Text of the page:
Inslee vows to stay the course on climate change

Washington Gov. Jay Inslee says he'll continue to push climate change programs even without the backing of the new administration in Washington, D.C.

OLYMPIA — Washington Gov. Jay Inslee on says his administration will soldier on with its climate change agenda, even if the Trump administration retreats on federal carbon-cutting rules.

“We have to understand that we can be and must be masters of our own destiny when it comes to fighting the ravages of carbon pollution in the state of Washington,” he said at a press conference.

Inslee was asked whether he was concerned about shifting positions at the Environmental Protection Agency and whether he retained any hope that the state Legislature will adopt a carbon tax.

“We will not be slowed one iota by the foolishness we’re now hearing coming out of the White House when it comes to this existential threat to our state,” he said Thursday. “Our state is not going to be slowed down with what we do. We are not going to be stopped by people who believe this is a hoax.”

Inslee, who has made climate change his signature issue, said the state will continue to implement a carbon cap.

The state Department of Ecology has ordered dozens of manufacturers, power plants, oil refineries and natural gas distributors to gradually reduce carbon emissions or invest in renewable energy projects.

Inslee imposed the cap by executive order, citing his administration’s authority under the state Clean Air Act.

The Washington Farm Bureau, Northwest Food Processors Association and other business and trade groups are suing to overturn the cap. They claim the governor overstepped his authority. Plus, they argue that manufacturers will move to states and countries that burn more coal, actually increasing global carbon emissions.

Neither the Democratic-controlled House nor the Republican-led Senate has acted on Inslee’s carbon tax proposal in prior sessions. Voters defeated a carbon tax initiative in November. Many environmental groups opposed the measure because it was accompanied by tax cuts and was not intended to increase overall government revenue.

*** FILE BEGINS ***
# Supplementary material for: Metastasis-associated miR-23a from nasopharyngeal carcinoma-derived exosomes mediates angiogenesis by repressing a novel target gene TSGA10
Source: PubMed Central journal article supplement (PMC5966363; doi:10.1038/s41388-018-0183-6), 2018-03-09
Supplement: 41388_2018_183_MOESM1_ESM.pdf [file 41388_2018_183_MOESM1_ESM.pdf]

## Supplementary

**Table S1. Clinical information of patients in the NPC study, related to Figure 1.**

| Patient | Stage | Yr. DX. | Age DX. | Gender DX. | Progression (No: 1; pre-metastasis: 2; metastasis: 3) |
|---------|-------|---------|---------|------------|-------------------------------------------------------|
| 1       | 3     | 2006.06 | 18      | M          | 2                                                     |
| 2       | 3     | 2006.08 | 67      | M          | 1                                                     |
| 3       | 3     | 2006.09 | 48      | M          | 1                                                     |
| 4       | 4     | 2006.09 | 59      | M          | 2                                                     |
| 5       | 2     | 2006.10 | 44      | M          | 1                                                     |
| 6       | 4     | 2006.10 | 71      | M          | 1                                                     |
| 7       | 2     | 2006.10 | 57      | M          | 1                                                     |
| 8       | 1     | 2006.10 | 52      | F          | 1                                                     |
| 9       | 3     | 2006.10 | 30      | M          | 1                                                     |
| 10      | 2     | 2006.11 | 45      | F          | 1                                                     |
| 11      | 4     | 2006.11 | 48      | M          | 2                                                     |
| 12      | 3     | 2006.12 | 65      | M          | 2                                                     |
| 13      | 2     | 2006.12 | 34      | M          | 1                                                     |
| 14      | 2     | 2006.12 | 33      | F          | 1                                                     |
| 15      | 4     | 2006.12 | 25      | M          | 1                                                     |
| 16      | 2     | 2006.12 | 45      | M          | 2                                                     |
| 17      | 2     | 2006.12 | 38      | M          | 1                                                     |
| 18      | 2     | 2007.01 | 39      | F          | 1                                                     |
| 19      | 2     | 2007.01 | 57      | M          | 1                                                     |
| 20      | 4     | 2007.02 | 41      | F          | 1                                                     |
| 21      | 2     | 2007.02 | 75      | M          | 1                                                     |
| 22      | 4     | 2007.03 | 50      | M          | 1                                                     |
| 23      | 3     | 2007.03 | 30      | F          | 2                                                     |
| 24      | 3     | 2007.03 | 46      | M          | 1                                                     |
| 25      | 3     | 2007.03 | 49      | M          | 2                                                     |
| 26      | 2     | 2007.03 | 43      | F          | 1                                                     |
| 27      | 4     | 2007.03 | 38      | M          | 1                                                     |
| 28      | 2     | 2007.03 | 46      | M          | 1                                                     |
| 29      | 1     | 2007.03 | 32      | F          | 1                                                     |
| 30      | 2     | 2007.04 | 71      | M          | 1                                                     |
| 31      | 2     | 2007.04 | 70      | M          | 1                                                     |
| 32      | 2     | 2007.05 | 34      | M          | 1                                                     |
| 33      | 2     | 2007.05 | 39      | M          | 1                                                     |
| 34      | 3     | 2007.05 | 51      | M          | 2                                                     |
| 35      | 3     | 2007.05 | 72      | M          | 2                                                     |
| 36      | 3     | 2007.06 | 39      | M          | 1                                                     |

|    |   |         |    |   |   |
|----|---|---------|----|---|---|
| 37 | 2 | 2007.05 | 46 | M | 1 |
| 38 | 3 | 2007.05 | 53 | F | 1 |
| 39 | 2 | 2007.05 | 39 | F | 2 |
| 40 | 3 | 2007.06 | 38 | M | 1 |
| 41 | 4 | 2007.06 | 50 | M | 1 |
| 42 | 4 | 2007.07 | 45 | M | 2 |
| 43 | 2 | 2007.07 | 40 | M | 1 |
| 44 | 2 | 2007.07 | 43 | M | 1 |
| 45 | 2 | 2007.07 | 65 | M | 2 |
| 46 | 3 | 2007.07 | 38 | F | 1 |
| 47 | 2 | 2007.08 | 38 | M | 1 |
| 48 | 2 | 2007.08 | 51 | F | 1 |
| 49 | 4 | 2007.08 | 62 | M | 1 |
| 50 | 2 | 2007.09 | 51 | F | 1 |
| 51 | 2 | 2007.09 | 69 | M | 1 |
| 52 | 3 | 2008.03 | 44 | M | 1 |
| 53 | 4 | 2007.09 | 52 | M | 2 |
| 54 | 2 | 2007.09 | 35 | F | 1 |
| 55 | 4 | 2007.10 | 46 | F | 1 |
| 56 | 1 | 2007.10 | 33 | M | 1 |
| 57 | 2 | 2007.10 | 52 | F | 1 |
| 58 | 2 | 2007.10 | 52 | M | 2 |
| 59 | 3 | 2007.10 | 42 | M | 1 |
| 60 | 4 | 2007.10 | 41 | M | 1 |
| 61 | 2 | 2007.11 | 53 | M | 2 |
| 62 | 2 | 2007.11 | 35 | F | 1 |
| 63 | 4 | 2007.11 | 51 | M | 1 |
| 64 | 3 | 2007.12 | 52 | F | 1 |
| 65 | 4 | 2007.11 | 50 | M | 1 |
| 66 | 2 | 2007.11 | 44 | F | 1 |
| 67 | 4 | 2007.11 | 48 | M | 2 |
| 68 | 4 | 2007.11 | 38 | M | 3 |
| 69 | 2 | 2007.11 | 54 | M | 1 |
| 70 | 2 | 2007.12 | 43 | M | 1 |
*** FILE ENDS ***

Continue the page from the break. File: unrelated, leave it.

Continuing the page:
Inslee restated Thursday that his offer to use a portion of carbon tax revenue for irrigation and flood control should be attractive to Republicans.

“There are legitimate needs in the state of Washington to build water projects and that’s on both sides. There’s not enough water in Eastern Washington, there’s too much water on occasion in Western Washington,” he said.

Inslee proposes to spend most revenue from a carbon tax on K-12 education. He has proposed spending 15 percent, an estimated $250 million the first year, on water projects. Carbon taxes also would fund “clean energy and clean transportation improvements” and assist low-income residents who saw their living costs rise because of the new tax.

Republicans have shown little interest in using a carbon tax to motivate businesses to cut greenhouse gases.

Meanwhile, some House Democrats want the state to set more ambitious carbon-reduction goals.

House Bill 1144 calls for reducing the state’s carbon emissions by 80 percent of 1990 levels by 2050. House Bill 1371 calls for a 91 percent reduction. The Legislature in 2008 set a 50 percent reduction goal.

No bill to revise the target has been introduced in the Senate.

1990 serves as an international baseline for cutting carbon emissions.

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